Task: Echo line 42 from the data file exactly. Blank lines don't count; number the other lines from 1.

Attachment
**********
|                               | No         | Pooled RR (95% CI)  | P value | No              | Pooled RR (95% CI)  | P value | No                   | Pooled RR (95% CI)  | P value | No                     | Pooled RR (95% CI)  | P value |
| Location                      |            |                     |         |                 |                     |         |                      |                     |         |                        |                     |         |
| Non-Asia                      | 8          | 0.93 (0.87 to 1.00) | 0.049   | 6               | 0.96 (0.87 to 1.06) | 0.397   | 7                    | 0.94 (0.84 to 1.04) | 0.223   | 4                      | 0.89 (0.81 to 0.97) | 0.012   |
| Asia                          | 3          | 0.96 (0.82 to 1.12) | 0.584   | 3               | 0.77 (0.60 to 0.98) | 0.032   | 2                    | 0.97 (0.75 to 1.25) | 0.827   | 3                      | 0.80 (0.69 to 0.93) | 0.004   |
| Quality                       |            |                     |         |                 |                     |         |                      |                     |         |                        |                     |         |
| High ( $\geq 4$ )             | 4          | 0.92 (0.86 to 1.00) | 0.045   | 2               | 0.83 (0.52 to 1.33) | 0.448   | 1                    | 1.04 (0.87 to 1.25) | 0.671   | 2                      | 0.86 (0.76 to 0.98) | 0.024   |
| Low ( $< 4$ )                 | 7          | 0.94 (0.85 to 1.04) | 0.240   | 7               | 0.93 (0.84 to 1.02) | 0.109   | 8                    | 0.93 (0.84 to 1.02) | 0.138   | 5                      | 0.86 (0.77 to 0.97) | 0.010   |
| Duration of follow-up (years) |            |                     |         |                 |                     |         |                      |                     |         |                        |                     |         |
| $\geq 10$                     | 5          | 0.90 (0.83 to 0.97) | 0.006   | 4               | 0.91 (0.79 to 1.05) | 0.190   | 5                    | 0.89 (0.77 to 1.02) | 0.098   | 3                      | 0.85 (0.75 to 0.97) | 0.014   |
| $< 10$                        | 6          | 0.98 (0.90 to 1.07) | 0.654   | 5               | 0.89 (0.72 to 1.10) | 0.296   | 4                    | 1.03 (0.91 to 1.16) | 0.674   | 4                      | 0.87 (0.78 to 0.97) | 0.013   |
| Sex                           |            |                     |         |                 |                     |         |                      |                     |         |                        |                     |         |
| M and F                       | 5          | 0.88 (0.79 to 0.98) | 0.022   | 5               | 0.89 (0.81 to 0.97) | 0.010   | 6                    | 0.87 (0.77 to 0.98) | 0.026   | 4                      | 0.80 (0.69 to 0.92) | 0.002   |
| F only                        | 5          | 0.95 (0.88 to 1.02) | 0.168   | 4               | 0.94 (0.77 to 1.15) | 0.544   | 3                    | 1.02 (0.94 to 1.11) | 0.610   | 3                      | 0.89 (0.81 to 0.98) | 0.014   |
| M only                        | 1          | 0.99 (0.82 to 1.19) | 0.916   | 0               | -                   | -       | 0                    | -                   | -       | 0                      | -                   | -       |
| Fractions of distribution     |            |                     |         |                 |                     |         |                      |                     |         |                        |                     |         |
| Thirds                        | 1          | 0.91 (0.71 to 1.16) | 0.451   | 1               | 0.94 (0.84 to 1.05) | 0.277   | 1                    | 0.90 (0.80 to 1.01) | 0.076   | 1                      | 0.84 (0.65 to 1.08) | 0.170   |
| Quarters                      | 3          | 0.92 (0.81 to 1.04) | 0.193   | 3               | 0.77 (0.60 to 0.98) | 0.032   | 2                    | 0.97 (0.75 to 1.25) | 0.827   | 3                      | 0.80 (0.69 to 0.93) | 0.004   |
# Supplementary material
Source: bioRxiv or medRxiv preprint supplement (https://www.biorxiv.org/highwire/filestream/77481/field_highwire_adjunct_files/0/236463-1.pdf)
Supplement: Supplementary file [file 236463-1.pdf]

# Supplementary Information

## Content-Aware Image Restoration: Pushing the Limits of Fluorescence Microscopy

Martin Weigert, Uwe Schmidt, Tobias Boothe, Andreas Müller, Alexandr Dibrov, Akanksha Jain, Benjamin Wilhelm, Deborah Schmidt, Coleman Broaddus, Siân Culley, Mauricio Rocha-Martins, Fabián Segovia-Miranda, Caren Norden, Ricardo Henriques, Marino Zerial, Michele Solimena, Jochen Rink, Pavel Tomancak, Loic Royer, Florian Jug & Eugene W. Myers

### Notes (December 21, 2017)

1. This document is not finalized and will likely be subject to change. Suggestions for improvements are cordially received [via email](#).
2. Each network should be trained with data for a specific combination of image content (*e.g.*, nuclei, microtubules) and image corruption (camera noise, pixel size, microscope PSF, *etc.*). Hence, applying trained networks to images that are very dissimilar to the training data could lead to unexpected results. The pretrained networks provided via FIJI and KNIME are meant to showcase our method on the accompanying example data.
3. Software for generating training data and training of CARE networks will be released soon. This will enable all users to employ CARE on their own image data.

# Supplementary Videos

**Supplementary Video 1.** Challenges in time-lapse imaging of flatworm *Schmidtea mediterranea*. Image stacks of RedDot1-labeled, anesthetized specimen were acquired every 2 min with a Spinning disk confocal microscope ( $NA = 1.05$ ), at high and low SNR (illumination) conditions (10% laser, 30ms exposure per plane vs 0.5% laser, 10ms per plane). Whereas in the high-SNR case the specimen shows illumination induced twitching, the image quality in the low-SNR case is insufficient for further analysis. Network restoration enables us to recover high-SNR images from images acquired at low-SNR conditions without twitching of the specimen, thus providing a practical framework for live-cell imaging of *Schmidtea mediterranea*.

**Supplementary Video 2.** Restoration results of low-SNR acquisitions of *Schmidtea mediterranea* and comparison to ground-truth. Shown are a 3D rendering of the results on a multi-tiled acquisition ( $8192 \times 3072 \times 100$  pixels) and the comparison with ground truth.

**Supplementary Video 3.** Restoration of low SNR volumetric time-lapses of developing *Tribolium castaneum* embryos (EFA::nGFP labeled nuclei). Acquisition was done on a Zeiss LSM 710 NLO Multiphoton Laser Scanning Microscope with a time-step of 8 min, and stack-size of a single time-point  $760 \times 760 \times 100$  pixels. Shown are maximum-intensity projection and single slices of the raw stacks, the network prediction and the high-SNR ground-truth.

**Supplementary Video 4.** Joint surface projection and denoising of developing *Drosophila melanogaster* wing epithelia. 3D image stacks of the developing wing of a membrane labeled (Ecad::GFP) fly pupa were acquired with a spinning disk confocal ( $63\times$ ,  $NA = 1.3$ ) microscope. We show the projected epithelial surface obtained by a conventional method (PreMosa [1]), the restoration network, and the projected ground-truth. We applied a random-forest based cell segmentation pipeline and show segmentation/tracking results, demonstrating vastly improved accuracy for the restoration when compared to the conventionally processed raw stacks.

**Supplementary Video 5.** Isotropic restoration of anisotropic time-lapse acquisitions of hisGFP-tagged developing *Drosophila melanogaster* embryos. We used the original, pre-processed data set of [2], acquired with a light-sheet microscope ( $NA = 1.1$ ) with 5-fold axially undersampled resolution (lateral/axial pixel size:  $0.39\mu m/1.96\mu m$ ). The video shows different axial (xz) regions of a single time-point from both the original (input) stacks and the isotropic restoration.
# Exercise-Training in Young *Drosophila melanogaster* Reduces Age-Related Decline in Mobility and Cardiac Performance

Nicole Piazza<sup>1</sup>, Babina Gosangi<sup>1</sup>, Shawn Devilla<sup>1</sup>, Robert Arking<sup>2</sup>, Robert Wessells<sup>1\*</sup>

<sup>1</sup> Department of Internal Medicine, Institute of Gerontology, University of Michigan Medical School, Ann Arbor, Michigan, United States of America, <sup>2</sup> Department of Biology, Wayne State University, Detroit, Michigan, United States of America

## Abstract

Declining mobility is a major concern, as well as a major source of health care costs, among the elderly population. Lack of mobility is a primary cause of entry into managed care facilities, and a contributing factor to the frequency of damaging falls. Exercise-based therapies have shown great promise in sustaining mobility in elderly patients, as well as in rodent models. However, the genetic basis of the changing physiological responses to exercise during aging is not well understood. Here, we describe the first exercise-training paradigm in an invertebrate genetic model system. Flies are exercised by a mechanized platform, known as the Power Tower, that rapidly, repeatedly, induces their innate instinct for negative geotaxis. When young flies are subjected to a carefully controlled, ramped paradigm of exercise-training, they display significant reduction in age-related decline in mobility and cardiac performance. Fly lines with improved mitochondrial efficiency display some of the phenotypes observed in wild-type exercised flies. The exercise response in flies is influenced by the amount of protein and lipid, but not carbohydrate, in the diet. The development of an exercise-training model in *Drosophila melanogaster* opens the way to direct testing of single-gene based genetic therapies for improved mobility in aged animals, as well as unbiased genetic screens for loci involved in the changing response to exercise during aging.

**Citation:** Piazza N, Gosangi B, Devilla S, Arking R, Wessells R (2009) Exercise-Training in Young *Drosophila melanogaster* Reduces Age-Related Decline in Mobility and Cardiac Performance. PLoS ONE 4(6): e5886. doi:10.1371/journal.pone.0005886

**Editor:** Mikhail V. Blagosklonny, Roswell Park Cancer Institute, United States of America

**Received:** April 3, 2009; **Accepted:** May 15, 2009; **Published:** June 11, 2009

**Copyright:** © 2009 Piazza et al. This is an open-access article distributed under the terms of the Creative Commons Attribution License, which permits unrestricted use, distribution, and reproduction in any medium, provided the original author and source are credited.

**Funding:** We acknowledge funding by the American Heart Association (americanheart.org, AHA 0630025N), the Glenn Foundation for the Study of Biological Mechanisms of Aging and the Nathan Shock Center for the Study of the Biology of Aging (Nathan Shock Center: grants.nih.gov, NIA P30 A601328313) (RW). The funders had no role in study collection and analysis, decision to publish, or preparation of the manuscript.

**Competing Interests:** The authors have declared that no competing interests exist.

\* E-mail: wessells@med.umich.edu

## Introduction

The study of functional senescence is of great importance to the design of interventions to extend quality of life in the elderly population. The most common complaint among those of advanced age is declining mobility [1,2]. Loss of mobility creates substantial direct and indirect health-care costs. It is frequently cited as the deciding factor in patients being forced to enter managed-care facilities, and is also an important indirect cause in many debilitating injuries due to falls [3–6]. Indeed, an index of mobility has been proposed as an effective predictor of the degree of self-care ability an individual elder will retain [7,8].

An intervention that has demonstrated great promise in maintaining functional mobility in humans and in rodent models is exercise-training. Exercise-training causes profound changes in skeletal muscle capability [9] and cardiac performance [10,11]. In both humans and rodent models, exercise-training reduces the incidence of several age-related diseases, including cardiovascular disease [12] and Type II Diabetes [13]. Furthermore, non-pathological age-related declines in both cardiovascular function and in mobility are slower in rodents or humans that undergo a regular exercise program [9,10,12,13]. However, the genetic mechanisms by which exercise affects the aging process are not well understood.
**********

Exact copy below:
**Copyright:** © 2009 Piazza et al. This is an open-access article distributed under the terms of the Creative Commons Attribution License, which permits unrestricted use, distribution, and reproduction in any medium, provided the original author and source are credited.